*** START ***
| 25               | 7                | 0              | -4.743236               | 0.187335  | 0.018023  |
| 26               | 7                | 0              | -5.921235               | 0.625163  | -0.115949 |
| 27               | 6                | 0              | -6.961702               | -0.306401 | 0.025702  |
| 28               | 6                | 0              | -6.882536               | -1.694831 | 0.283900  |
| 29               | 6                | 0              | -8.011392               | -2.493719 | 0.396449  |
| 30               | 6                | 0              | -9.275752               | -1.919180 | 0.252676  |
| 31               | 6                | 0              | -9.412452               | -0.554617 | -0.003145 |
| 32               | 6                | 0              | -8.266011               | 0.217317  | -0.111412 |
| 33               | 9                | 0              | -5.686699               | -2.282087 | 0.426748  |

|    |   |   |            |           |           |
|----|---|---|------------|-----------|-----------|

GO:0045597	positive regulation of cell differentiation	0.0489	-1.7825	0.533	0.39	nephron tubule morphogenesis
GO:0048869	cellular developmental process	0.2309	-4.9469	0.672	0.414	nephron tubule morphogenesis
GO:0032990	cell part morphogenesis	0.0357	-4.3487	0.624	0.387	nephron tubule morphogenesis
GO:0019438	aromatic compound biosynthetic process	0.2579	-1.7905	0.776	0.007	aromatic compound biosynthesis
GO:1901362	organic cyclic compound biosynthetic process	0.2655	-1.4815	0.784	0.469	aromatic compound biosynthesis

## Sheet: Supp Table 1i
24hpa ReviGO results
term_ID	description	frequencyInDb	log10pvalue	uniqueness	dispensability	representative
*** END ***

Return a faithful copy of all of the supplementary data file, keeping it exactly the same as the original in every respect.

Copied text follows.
| 25               | 7                | 0              | -4.743236               | 0.187335  | 0.018023  |
| 26               | 7                | 0              | -5.921235               | 0.625163  | -0.115949 |
| 27               | 6                | 0              | -6.961702               | -0.306401 | 0.025702  |
| 28               | 6                | 0              | -6.882536               | -1.694831 | 0.283900  |
| 29               | 6                | 0              | -8.011392               | -2.493719 | 0.396449  |
| 30               | 6                | 0              | -9.275752               | -1.919180 | 0.252676  |
| 31               | 6                | 0              | -9.412452               | -0.554617 | -0.003145 |
| 32               | 6                | 0              | -8.266011               | 0.217317  | -0.111412 |
| 33               | 9                | 0              | -5.686699               | -2.282087 | 0.426748  |

|    |   |   |            |           |           |
|----|---|---|------------|-----------|-----------|

GO:0045597	positive regulation of cell differentiation	0.0489	-1.7825	0.533	0.39	nephron tubule morphogenesis
GO:0048869	cellular developmental process	0.2309	-4.9469	0.672	0.414	nephron tubule morphogenesis
GO:0032990	cell part morphogenesis	0.0357	-4.3487	0.624	0.387	nephron tubule morphogenesis
GO:0019438	aromatic compound biosynthetic process	0.2579	-1.7905	0.776	0.007	aromatic compound biosynthesis
GO:1901362	organic cyclic compound biosynthetic process	0.2655	-1.4815	0.784	0.469	aromatic compound biosynthesis

## Sheet: Supp Table 1i
24hpa ReviGO results
term_ID	description	frequencyInDb	log10pvalue	uniqueness	dispensability	representative